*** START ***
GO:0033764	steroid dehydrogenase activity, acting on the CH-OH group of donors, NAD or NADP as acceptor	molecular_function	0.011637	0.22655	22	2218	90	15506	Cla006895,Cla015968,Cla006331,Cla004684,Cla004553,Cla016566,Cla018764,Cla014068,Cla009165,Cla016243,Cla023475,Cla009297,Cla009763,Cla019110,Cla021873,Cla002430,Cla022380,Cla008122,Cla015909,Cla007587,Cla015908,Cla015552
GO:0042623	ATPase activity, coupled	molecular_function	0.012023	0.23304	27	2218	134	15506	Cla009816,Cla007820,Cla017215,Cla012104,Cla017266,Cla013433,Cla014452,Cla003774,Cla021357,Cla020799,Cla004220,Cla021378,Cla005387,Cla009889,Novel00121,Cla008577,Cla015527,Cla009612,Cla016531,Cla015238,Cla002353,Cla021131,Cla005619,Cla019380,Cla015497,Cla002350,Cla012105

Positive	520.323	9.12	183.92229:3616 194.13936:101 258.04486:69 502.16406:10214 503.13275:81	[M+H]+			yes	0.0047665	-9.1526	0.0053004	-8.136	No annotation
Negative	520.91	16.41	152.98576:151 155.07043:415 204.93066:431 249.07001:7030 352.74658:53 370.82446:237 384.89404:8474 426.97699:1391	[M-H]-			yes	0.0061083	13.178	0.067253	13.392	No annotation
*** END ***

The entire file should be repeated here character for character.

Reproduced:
GO:0033764	steroid dehydrogenase activity, acting on the CH-OH group of donors, NAD or NADP as acceptor	molecular_function	0.011637	0.22655	22	2218	90	15506	Cla006895,Cla015968,Cla006331,Cla004684,Cla004553,Cla016566,Cla018764,Cla014068,Cla009165,Cla016243,Cla023475,Cla009297,Cla009763,Cla019110,Cla021873,Cla002430,Cla022380,Cla008122,Cla015909,Cla007587,Cla015908,Cla015552
GO:0042623	ATPase activity, coupled	molecular_function	0.012023	0.23304	27	2218	134	15506	Cla009816,Cla007820,Cla017215,Cla012104,Cla017266,Cla013433,Cla014452,Cla003774,Cla021357,Cla020799,Cla004220,Cla021378,Cla005387,Cla009889,Novel00121,Cla008577,Cla015527,Cla009612,Cla016531,Cla015238,Cla002353,Cla021131,Cla005619,Cla019380,Cla015497,Cla002350,Cla012105

Positive	520.323	9.12	183.92229:3616 194.13936:101 258.04486:69 502.16406:10214 503.13275:81	[M+H]+			yes	0.0047665	-9.1526	0.0053004	-8.136	No annotation
Negative	520.91	16.41	152.98576:151 155.07043:415 204.93066:431 249.07001:7030 352.74658:53 370.82446:237 384.89404:8474 426.97699:1391	[M-H]-			yes	0.0061083	13.178	0.067253	13.392	No annotation